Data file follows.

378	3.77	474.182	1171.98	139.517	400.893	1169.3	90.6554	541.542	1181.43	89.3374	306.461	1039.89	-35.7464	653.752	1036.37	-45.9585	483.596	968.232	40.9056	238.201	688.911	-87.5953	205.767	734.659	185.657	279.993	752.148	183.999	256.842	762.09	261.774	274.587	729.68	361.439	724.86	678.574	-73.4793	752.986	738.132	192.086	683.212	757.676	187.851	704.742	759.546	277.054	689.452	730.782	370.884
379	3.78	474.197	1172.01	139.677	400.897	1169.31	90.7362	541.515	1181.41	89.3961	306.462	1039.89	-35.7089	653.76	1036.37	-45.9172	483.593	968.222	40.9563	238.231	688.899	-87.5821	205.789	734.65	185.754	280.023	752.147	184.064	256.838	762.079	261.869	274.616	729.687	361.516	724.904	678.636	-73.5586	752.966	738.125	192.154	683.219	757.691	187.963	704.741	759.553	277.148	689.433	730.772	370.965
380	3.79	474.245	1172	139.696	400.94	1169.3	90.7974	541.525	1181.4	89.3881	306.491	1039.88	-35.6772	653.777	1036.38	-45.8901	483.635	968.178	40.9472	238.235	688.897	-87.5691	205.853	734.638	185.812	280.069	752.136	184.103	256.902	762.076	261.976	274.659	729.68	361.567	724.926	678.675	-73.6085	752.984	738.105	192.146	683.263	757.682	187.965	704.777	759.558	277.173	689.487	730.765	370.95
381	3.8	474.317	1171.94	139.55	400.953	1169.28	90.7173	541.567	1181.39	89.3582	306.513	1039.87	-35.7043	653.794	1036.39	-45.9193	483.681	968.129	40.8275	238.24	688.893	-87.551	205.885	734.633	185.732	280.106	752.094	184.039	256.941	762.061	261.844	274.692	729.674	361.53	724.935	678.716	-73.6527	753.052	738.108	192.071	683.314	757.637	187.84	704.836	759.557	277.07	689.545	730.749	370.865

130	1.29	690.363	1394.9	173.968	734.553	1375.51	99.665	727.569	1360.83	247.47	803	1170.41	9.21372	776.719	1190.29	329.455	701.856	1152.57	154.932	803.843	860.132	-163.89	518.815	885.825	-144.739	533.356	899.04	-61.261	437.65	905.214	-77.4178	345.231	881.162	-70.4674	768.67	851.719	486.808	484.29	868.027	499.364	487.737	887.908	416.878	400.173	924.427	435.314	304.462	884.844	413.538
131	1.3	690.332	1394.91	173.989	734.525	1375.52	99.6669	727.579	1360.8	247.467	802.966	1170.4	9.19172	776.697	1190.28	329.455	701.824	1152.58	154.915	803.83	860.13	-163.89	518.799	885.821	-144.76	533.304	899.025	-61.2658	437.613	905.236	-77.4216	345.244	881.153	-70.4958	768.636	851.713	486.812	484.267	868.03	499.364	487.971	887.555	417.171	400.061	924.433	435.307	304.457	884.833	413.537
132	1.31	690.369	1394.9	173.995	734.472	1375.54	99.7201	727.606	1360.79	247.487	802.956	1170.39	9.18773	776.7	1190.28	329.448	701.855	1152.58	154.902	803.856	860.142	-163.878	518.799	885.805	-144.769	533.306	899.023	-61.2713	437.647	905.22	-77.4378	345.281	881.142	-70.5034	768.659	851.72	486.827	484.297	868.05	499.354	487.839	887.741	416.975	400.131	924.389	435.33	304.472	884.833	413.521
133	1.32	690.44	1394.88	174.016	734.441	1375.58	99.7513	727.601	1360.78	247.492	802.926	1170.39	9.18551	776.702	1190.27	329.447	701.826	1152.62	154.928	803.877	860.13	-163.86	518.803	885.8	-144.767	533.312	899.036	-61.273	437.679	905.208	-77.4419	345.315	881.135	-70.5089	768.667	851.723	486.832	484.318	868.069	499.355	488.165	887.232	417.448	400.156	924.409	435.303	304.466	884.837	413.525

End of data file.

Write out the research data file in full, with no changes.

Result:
378	3.77	474.182	1171.98	139.517	400.893	1169.3	90.6554	541.542	1181.43	89.3374	306.461	1039.89	-35.7464	653.752	1036.37	-45.9585	483.596	968.232	40.9056	238.201	688.911	-87.5953	205.767	734.659	185.657	279.993	752.148	183.999	256.842	762.09	261.774	274.587	729.68	361.439	724.86	678.574	-73.4793	752.986	738.132	192.086	683.212	757.676	187.851	704.742	759.546	277.054	689.452	730.782	370.884
379	3.78	474.197	1172.01	139.677	400.897	1169.31	90.7362	541.515	1181.41	89.3961	306.462	1039.89	-35.7089	653.76	1036.37	-45.9172	483.593	968.222	40.9563	238.231	688.899	-87.5821	205.789	734.65	185.754	280.023	752.147	184.064	256.838	762.079	261.869	274.616	729.687	361.516	724.904	678.636	-73.5586	752.966	738.125	192.154	683.219	757.691	187.963	704.741	759.553	277.148	689.433	730.772	370.965
380	3.79	474.245	1172	139.696	400.94	1169.3	90.7974	541.525	1181.4	89.3881	306.491	1039.88	-35.6772	653.777	1036.38	-45.8901	483.635	968.178	40.9472	238.235	688.897	-87.5691	205.853	734.638	185.812	280.069	752.136	184.103	256.902	762.076	261.976	274.659	729.68	361.567	724.926	678.675	-73.6085	752.984	738.105	192.146	683.263	757.682	187.965	704.777	759.558	277.173	689.487	730.765	370.95
381	3.8	474.317	1171.94	139.55	400.953	1169.28	90.7173	541.567	1181.39	89.3582	306.513	1039.87	-35.7043	653.794	1036.39	-45.9193	483.681	968.129	40.8275	238.24	688.893	-87.551	205.885	734.633	185.732	280.106	752.094	184.039	256.941	762.061	261.844	274.692	729.674	361.53	724.935	678.716	-73.6527	753.052	738.108	192.071	683.314	757.637	187.84	704.836	759.557	277.07	689.545	730.749	370.865

130	1.29	690.363	1394.9	173.968	734.553	1375.51	99.665	727.569	1360.83	247.47	803	1170.41	9.21372	776.719	1190.29	329.455	701.856	1152.57	154.932	803.843	860.132	-163.89	518.815	885.825	-144.739	533.356	899.04	-61.261	437.65	905.214	-77.4178	345.231	881.162	-70.4674	768.67	851.719	486.808	484.29	868.027	499.364	487.737	887.908	416.878	400.173	924.427	435.314	304.462	884.844	413.538
131	1.3	690.332	1394.91	173.989	734.525	1375.52	99.6669	727.579	1360.8	247.467	802.966	1170.4	9.19172	776.697	1190.28	329.455	701.824	1152.58	154.915	803.83	860.13	-163.89	518.799	885.821	-144.76	533.304	899.025	-61.2658	437.613	905.236	-77.4216	345.244	881.153	-70.4958	768.636	851.713	486.812	484.267	868.03	499.364	487.971	887.555	417.171	400.061	924.433	435.307	304.457	884.833	413.537
132	1.31	690.369	1394.9	173.995	734.472	1375.54	99.7201	727.606	1360.79	247.487	802.956	1170.39	9.18773	776.7	1190.28	329.448	701.855	1152.58	154.902	803.856	860.142	-163.878	518.799	885.805	-144.769	533.306	899.023	-61.2713	437.647	905.22	-77.4378	345.281	881.142	-70.5034	768.659	851.72	486.827	484.297	868.05	499.354	487.839	887.741	416.975	400.131	924.389	435.33	304.472	884.833	413.521
133	1.32	690.44	1394.88	174.016	734.441	1375.58	99.7513	727.601	1360.78	247.492	802.926	1170.39	9.18551	776.702	1190.27	329.447	701.826	1152.62	154.928	803.877	860.13	-163.86	518.803	885.8	-144.767	533.312	899.036	-61.273	437.679	905.208	-77.4419	345.315	881.135	-70.5089	768.667	851.723	486.832	484.318	868.069	499.355	488.165	887.232	417.448	400.156	924.409	435.303	304.466	884.837	413.525